Cigarette smoking has been shown to increase air space epithelial permeability, which is thought to be an early indication of air space epithelial injury. A large number of toxic compounds, in particular oxygen radicals, are produced by cigarette smoke, and it may be the imbalance between these and the intra- and extracellular antioxidants present in the lungs which is critical in inducing lung injury.
Both superoxide dismutase and catalase have been shown to increase intracellularly in hamsters exposed to cigarette smoke. Reduced glutathione, another important antioxidant, is also present in increased concentrations in erythrocytes and in the lung epithelial lining fluid of cigarette smokers. This may be in response to the increased radical burden in smoking in an attempt to confer protection to the cells in the airway and alveoli of the lung. However the acute effects of smoking have received less attention.
In this study the attachment, detachment and proliferation of the A549 human alveolar epithelial cell line was examined in an in vitro model of cell injury and the effects of exposure to cigarette smoke and its condensates on these assays of epithelial function were assessed. In addition a comparison of the effects of cigarette smoke on the bronchial cell line, BEA -2B or freshly isolated rat type II cells, and the protective effects of the antioxidants, were also studied.
Whole and vapour phase cigarette smoke decreased 51Cr- labelled A549 epithelial cell attachment in a dose -dependent manner. The condensates prepared from both types of cigarette smoke increased cell detachment, and decreased cell proliferation, as assessed by the uptake of [3H] thymidine by A549 epithelial cells. Both freshly isolated rat type II alveolar epithelial cells and cells of the bronchial epithelial cell line, BEA- 2B, showed enhanced susceptibility to the injurious effects of cigarette smoke condensates when compared with the A549 epithelial cell line. The enzymatic antioxidants superoxide dismutase and catalase, when present extracellularly, gave partial protection against the effects of cigarette smoke or condensate exposure on cell attachment, detachment and proliferation. However extracellular reduced glutathione, in physiological concentrations (400μM), conferred total protection against cigarette smoke or condensate induced cell injury. Depletion of intracellular reduced glutathione also enhanced the epithelial cell detachment produced by cigarette smoke condensates. The oxidant hydrogen peroxide also decreased A549 epithelial cell attachment and increased cell detachment, which was prevented by the addition of reduced glutathione.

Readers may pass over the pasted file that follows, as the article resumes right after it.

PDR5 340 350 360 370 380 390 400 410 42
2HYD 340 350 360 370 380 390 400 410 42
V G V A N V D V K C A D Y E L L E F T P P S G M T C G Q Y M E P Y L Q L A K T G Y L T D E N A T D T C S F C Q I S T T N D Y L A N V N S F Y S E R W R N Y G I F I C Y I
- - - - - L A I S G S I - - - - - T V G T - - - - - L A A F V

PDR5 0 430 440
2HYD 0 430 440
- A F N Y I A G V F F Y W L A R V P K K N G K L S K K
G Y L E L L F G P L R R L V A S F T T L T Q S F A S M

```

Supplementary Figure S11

To examine possible mechanisms of cigarette smoke induced changes in epithelial cell attachment and detachment the role of the cell surface adhesion molecules, and the cell cytoskeleton and changes in intracellular signalling were studied. Both the A549 and the BEA -2B cell lines stained positive for integrins for the extracellular matrix. Cigarette smoke exposure of these cells did not effect integrin expression, but this does not rule out changes in integrin function. Surface adhesion molecule function is cationic dependent and chelation of the cations was found to cause epithelial detachment.
Activation of protein kinase C or increasing intracellular calcium also increased epithelial detachment, whereas inhibition of these effects reduced the level of epithelial cell injury produced by cigarette smoke condensate. This suggests that both protein kinase C and intracellular calcium play a role in cigarette smoke condensate induced epithelial cell iv
injury. The cytoskeleton is also involved in epithelial cell detachment since disruption of the microfilaments of the epithelial cell cytoskeleton with cytochalasin also lead to increased detachment.
These studies indicate that exposure of epithelial cells to cigarette smoke or its condensates in vitro causes cell injury. The mechanism of this effect appears to be oxidant mediated and may be initiated through a variety of intracellular signalling pathways.